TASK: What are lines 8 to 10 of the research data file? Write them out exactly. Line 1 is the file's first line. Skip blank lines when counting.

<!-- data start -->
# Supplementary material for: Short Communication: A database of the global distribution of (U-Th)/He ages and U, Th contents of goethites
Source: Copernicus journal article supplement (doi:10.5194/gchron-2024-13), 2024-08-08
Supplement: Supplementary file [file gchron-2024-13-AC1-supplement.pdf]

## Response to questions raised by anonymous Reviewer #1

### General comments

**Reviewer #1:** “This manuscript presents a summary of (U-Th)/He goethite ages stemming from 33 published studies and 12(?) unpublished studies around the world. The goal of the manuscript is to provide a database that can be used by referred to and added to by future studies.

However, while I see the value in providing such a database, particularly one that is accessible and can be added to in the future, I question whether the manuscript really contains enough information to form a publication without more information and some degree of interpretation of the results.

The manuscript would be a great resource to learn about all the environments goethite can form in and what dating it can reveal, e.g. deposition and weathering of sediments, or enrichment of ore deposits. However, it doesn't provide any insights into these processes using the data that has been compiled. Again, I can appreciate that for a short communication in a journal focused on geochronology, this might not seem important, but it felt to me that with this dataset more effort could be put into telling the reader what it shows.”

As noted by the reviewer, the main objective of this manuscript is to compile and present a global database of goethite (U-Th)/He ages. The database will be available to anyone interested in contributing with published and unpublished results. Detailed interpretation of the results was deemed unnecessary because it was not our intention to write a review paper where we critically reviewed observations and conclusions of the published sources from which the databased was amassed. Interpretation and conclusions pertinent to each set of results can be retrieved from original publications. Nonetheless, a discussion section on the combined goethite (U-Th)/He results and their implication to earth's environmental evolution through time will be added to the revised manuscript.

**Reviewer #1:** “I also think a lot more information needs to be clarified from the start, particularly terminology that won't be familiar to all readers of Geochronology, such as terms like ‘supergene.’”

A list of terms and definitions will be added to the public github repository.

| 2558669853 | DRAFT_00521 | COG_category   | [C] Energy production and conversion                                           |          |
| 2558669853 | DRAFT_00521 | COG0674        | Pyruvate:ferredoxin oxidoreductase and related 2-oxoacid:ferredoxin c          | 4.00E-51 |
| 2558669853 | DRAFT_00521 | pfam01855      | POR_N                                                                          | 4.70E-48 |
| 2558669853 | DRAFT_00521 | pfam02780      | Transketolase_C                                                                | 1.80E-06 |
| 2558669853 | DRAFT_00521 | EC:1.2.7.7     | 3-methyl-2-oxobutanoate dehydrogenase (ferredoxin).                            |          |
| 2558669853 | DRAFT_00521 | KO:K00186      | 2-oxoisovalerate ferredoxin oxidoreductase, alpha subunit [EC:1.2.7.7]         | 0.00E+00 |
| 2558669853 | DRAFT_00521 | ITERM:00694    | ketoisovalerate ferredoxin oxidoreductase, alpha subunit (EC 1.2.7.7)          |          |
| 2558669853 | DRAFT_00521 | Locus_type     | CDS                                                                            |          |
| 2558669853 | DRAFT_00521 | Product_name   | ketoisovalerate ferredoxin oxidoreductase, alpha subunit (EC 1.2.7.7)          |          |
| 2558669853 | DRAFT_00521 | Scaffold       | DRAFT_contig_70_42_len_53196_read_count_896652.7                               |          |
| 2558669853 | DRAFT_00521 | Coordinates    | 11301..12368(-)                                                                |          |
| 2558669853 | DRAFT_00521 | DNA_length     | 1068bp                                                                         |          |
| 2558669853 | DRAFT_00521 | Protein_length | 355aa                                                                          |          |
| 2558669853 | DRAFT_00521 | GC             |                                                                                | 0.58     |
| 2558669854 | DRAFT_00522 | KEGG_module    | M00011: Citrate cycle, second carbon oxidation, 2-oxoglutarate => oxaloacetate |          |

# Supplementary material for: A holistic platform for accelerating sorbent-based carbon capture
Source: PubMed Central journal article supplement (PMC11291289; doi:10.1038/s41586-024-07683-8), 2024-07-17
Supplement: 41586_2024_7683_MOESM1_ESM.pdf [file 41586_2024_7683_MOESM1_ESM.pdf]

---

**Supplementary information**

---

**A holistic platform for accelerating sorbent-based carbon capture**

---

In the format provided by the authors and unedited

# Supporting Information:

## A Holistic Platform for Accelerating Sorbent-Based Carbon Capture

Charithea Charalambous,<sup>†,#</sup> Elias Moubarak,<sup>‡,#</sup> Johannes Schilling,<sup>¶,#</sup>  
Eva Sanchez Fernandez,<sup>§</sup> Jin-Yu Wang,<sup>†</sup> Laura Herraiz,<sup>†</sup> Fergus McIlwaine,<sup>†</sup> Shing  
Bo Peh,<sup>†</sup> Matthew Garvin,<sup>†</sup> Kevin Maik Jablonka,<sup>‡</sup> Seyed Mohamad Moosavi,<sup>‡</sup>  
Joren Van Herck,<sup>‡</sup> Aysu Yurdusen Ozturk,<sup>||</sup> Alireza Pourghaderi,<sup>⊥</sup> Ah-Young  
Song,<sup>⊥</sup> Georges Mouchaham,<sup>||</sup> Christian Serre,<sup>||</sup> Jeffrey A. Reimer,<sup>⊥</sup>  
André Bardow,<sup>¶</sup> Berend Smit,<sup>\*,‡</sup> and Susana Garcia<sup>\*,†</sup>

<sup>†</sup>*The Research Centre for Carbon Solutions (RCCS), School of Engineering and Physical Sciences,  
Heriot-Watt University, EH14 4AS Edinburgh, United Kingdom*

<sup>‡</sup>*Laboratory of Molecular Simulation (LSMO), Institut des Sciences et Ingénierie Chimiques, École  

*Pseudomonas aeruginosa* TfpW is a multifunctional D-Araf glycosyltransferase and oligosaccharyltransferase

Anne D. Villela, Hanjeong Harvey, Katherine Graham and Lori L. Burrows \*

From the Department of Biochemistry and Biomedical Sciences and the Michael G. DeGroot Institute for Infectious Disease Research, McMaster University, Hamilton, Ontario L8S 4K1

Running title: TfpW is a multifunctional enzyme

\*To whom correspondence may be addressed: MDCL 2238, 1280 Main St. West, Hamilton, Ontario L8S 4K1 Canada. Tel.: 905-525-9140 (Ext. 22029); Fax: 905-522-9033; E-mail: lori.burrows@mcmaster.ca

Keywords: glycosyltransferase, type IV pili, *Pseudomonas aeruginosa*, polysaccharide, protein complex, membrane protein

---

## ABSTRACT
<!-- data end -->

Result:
The manuscript would be a great resource to learn about all the environments goethite can form in and what dating it can reveal, e.g. deposition and weathering of sediments, or enrichment of ore deposits. However, it doesn't provide any insights into these processes using the data that has been compiled. Again, I can appreciate that for a short communication in a journal focused on geochronology, this might not seem important, but it felt to me that with this dataset more effort could be put into telling the reader what it shows.”

As noted by the reviewer, the main objective of this manuscript is to compile and present a global database of goethite (U-Th)/He ages. The database will be available to anyone interested in contributing with published and unpublished results. Detailed interpretation of the results was deemed unnecessary because it was not our intention to write a review paper where we critically reviewed observations and conclusions of the published sources from which the databased was amassed. Interpretation and conclusions pertinent to each set of results can be retrieved from original publications. Nonetheless, a discussion section on the combined goethite (U-Th)/He results and their implication to earth's environmental evolution through time will be added to the revised manuscript.

**Reviewer #1:** “I also think a lot more information needs to be clarified from the start, particularly terminology that won't be familiar to all readers of Geochronology, such as terms like ‘supergene.’”